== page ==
Broadcasting nitrogen on the soil surface doesn't put it where the plant will use it
Many planter attachments for nitrogen interfere with other aspects of the planter
Conceal places nitrogen in a band in the correct relationship to the seed
Broadcast Applications Are Ineffecient
Broadcasting nitrogen before planting is an inefficient means of getting fertility to the plant. We only plant a row every few feet, so why spread fertilizer evenly across the entire field? A more efficient way to place fertilizer is to band the fertilizer in the row, just like we place the seeds. Banded nutrients can reduce the total amount of needed fertility by up to 30% while maintaining the same yield level. These banded nutrients should also be placed under the soil surface where they will stay in the soil, instead of being prone to volatilization when spread on top of the soil surface.
Plants Need Fertilizer While They Are Growing
Plants don't need fertilizer when the seed is still in the bag, they need the fertilizer while they are growing. This means it needs to be available for the roots to uptake in the most important times of the plant's life. In the case of nitrogen and corn, that first important time is from V4-V8 while the plant is determining the maximum size of ear that it can produce. Nitrogen needs to be readily available to the crown roots of the plant during this stage in order to maximize the yield that can be produced by that plant. A band of nitrogen placed under the soil surface will move down the soil profile with rains that occur after planting and will be a few inches deep, right where crown roots can get it when they need it.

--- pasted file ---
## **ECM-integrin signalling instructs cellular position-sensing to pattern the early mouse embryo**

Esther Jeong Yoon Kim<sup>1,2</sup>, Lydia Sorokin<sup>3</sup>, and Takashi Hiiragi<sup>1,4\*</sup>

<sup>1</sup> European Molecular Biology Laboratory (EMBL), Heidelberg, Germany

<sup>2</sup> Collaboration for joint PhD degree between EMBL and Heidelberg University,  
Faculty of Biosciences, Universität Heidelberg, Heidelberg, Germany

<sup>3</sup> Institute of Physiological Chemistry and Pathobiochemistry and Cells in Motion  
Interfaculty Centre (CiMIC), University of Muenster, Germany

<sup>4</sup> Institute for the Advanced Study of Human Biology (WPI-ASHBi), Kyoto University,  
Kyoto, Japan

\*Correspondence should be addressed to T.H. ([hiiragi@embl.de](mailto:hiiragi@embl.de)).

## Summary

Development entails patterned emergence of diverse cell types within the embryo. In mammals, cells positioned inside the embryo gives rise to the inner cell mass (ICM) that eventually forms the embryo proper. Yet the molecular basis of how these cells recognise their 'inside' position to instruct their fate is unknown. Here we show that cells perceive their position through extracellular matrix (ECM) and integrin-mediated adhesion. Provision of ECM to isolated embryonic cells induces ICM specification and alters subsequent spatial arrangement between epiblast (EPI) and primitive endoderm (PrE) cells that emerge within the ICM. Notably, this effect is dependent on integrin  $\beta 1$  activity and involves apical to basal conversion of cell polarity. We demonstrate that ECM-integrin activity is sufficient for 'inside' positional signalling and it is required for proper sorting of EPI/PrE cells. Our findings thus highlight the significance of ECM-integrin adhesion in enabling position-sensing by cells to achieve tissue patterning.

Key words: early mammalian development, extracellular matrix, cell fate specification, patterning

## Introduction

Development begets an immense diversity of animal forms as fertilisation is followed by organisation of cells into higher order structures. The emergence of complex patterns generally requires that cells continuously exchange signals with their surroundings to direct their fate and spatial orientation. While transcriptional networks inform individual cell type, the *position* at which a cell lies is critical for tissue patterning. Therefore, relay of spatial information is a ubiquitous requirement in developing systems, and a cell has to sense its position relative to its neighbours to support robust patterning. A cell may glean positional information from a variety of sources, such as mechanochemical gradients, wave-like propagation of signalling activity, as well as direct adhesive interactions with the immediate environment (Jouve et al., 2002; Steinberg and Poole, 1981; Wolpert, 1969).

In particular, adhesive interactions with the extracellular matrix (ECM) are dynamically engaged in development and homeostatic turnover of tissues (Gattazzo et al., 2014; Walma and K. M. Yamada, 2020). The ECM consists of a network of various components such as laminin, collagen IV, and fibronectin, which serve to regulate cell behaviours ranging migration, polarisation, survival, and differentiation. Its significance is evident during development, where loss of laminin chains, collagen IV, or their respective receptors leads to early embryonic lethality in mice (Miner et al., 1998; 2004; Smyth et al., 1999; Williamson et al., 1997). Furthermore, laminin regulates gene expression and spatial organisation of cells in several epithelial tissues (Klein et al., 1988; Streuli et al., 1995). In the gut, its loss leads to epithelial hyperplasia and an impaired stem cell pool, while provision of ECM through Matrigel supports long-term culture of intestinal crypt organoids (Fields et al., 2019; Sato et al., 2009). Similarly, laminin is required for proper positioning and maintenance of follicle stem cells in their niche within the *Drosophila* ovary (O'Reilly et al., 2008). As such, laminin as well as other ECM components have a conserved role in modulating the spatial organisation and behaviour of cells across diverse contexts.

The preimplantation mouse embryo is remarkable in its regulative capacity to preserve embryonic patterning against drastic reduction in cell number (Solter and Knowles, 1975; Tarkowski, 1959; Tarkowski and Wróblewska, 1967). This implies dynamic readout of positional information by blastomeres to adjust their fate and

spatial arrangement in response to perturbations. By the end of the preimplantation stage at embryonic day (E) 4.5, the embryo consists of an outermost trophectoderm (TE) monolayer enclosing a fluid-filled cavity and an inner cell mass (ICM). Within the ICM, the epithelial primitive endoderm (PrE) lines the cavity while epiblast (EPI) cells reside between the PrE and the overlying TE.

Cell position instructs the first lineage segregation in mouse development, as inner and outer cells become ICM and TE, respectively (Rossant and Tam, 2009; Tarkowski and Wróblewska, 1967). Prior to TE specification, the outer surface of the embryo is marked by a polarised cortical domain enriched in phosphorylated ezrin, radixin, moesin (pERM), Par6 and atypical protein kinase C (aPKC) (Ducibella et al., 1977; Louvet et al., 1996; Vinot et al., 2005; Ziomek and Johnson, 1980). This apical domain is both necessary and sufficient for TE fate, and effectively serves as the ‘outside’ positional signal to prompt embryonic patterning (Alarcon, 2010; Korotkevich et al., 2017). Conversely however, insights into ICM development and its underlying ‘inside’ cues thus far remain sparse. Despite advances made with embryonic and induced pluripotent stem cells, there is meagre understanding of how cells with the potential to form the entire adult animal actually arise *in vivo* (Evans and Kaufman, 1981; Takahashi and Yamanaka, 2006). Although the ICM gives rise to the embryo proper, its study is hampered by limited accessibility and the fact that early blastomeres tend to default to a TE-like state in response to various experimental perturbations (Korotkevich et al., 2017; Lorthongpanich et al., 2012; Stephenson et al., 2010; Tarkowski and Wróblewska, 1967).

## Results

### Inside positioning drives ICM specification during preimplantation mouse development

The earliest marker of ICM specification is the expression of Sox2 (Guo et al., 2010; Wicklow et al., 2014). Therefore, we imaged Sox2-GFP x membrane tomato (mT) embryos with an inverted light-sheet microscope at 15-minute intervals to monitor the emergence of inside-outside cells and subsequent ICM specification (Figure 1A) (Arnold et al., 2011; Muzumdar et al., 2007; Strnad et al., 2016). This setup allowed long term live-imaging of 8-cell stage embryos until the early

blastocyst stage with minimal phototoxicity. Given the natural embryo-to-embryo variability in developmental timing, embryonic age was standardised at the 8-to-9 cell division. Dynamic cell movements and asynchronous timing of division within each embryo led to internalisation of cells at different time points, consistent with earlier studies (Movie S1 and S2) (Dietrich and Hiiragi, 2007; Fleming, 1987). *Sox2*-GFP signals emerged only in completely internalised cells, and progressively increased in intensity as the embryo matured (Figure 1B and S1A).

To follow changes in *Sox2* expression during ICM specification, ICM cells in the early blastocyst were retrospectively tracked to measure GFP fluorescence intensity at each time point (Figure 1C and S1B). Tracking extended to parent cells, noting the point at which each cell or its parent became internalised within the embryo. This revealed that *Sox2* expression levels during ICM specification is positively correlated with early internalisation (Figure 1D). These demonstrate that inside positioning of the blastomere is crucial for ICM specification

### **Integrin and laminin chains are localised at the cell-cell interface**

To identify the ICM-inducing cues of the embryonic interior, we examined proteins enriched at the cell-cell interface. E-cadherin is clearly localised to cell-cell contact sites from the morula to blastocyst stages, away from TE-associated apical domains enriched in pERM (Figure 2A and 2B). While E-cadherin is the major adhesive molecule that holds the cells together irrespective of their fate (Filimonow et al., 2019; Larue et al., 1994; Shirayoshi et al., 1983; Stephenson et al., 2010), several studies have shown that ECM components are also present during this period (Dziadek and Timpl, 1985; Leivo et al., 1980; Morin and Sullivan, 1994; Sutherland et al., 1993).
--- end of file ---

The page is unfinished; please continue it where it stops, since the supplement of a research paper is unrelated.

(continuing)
Conceal Puts Nitrogen Where it Should Be
Conceal is a simple nutrient placement device that places fertilizer in a band, incorporated into the soil, where the plant will be able to get those nutrients during the critical ear set stage. Conceal can be utilized to put either a single or a dual band of nutrients down beside the row. Conceal is a combination of a gauge wheel which has a groove in it, and a knife running in the groove. The knife is guided by the gauge wheel so that placement is always the same distance from the seed. Since the knife is mounted to the front of the row unit, it does not interfere with the critical function that the gauge wheel plays: consistent and proper seeding depth. Conceal almost can't be seen on the row unit, tucked away inside the gauge wheel, where it does it's job without increased row unit length or bulk that typically comes with nitrogen attachments.
Consistent Placement Around Every Turn
Why is Conceal the most conistent way to place nitrogen with the planter? It's all in the design of the knife running beside the seed, in the groove of the gauge wheel. Since the knife is placing the fertilizer directly beside the seed and not in front of or behind the seed, the distance from the fertilizer to the seed is always consistent. Also, since the knife is running in conjunction with the gauge wheel, it will be placing the fertilizer at a consistent depth relative to the seed. Around curves, over uneven seedbeds, and on each row, the fertilizer is always where it needs to be relative to the seed.